Here’s an old prop chestnut which we’ve used during our current production of Bloody Bloody Andrew Jackson. Let’s say your play requires a switchblade or two. Real switchblade knives are fairly illegal; even if you can find a place that sells them, you often need a special license to purchase it. However, you can buy switchblade combs at many novelty stores.
You can fill the gaps in the comb part with Bondo (or whatever your preferred brand of auto body filler is). Sculpt it into the shape of a blade, but be careful not to get much thicker than the comb; if you add too much thickness, the blade will no longer pop out.
Finish it off with silver-leaf. Again, silver-leaf will add no thickness to the blade (which some paints might), and it will give it the ability to glint and gleam from the stage. It will also be less likely to rub off during frequent usage.
There is no such thing as a generic or universal sword, thus no single drawing can encapsulate all the possible parts and various names for them. The diagram I made here is based off a Renaissance-style rapier, which is what many of us traditionally keep in our stock and use for stage combat. Interestingly, swords in all time-periods and cultures share at least three basic parts: the blade, the pommel, and the grip.
Button – Also known as a pommel nut, pommel bolt, capstan rivet, or tang nut. In some swords, the button is screwed on to the end of the tang to hold the grip on.
Pommel – The counter-weight at the end of the grip.
Grip – Handle
Tang – The hidden part of the blade which the grip is mounted to.
Shoulder – The corner portion where the tang and the blade meet.
Guard – A blanket term for all the parts that protect the hand.
Quillon – Extended portions of the guard.
Écusson – or quillon block. The metal center where the quillons meet and all parts of the guard attach to.
Ricasso – Unsharpened portion of the blade which extends from the grip to the end of the guard.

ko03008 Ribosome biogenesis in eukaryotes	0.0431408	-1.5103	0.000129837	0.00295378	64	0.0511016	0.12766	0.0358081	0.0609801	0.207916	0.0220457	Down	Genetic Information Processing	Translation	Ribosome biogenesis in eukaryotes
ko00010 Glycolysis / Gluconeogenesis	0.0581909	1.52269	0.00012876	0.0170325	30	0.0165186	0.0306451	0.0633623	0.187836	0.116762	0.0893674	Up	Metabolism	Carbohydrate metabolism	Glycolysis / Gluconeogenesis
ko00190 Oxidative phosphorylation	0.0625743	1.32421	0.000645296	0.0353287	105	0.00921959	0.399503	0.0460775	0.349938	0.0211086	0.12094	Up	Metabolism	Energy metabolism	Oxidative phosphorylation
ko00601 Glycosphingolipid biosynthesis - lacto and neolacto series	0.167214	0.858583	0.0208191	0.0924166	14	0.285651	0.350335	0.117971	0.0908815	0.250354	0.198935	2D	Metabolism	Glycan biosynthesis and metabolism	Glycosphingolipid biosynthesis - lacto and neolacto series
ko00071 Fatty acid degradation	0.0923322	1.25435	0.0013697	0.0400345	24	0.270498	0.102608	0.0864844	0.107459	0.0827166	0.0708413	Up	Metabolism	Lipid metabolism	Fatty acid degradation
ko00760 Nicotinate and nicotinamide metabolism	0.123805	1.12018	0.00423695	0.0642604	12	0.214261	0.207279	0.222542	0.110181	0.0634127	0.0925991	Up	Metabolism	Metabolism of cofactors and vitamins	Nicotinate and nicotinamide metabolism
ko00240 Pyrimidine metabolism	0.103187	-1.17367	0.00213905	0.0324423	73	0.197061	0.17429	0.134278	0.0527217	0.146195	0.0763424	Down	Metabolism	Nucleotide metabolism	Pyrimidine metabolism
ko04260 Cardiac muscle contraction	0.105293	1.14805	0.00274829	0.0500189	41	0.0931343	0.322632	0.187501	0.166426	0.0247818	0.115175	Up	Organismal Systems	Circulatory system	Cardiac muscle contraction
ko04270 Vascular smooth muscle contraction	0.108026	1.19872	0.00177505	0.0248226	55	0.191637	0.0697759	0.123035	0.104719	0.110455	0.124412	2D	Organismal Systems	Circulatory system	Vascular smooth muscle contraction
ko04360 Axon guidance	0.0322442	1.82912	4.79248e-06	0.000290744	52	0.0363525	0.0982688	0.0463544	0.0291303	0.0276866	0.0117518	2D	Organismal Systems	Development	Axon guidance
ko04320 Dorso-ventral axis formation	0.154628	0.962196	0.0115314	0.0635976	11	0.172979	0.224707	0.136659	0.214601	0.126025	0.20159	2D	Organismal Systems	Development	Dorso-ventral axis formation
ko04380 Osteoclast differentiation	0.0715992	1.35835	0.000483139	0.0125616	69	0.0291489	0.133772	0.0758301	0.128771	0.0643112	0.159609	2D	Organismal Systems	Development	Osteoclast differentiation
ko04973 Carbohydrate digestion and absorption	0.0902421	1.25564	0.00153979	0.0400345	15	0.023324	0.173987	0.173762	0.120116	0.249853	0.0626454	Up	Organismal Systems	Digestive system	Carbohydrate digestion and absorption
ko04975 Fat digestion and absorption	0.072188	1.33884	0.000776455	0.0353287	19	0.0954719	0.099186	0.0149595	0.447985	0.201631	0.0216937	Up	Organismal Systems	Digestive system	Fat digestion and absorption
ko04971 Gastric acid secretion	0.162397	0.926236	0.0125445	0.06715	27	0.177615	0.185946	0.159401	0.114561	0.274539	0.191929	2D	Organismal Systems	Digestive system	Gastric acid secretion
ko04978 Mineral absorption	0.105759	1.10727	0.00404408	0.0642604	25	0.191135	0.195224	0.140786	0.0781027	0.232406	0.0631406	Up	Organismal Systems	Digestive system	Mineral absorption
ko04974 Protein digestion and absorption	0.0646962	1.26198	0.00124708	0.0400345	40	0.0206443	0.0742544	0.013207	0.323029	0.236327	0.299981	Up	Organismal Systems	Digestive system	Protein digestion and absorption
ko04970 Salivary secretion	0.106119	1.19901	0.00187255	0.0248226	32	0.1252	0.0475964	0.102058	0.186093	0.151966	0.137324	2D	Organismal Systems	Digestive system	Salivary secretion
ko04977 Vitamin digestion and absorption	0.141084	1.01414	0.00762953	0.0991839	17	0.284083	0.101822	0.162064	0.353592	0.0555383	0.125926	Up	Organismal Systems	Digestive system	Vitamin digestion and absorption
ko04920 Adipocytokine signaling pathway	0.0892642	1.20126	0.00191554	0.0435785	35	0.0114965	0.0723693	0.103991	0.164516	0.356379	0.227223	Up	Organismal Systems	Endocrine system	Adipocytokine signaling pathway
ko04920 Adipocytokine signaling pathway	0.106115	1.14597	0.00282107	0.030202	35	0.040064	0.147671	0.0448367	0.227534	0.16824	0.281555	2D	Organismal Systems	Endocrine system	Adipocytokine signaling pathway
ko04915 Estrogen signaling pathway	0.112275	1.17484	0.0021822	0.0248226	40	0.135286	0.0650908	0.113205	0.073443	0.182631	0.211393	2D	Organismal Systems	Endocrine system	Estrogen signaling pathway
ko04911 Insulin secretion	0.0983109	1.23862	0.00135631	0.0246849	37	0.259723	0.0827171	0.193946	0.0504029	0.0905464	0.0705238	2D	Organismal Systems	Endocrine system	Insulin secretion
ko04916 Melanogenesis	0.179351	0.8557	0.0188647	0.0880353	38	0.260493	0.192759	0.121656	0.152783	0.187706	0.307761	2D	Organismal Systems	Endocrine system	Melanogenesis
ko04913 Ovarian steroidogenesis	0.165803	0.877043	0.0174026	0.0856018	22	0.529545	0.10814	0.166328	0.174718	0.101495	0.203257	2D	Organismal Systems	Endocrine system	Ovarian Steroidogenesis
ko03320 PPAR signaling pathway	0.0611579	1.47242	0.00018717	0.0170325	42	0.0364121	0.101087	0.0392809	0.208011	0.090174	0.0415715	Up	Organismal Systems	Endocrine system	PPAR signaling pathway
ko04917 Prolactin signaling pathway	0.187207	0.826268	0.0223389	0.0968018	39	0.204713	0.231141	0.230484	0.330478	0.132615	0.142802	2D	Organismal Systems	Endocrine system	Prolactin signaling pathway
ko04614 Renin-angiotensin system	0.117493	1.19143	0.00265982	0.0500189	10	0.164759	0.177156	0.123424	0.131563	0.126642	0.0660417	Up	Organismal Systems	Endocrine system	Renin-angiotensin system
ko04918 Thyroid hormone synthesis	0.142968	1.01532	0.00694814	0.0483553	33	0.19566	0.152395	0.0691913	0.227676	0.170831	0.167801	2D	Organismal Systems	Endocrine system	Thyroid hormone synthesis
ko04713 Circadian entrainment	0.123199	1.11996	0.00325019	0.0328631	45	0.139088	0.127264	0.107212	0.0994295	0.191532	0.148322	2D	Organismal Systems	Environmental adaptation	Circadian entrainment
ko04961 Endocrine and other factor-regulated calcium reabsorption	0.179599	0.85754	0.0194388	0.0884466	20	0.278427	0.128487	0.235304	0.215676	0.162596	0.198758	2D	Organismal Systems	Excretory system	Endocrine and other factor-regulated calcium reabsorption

This is the third excerpt from a chapter concerning prop-making in “Shakespeare for Community Players”, by Roy Mitchell. Be sure to check out the previous part on tableware, as well as the first part, concerning furniture.
Weapons form another delightful field for the maker of accessories. Where a sword fight is required it is best to use the modern buttoned foils, and contrive some means whereby they need not be drawn from their scabbards on stage. The use of anything more real than a foil is not advisable. If it is imperative that swords be drawn on stage, a scabbard for a foil may be made from tin piping, built out and covered with leather. Swords used for personal adornment need only be a scabbard with a handle. These may best be made of wood, following some fine model, and the hilt and decorations made in metal. The armourer of the company will do well, however, to consult a book or an encyclopaedia article upon these and all weapons before setting to work.
Spears or lances may be made out of wood. It is a mistake to put on hollow tin points. It is better to shape a point out of wood and silver it. Tin tops are continually working loose and clattering down on somebody’s head. Make lances at least ten feet long, especially where several are carried together. Nothing looks meaner than a feeble lance or spear, and nothing finer than a tall one. Halberds need not be so long, especially if they carry ornate heads. Figure 15 shows typical spear, pikes, maces and halberd.
Bows should be tall and decorative, and are carried unstrung. Figure 16 shows a typical long-bow, crossbow, and arquebus. These may all be of soft pine or cedar cut with a jack-knife.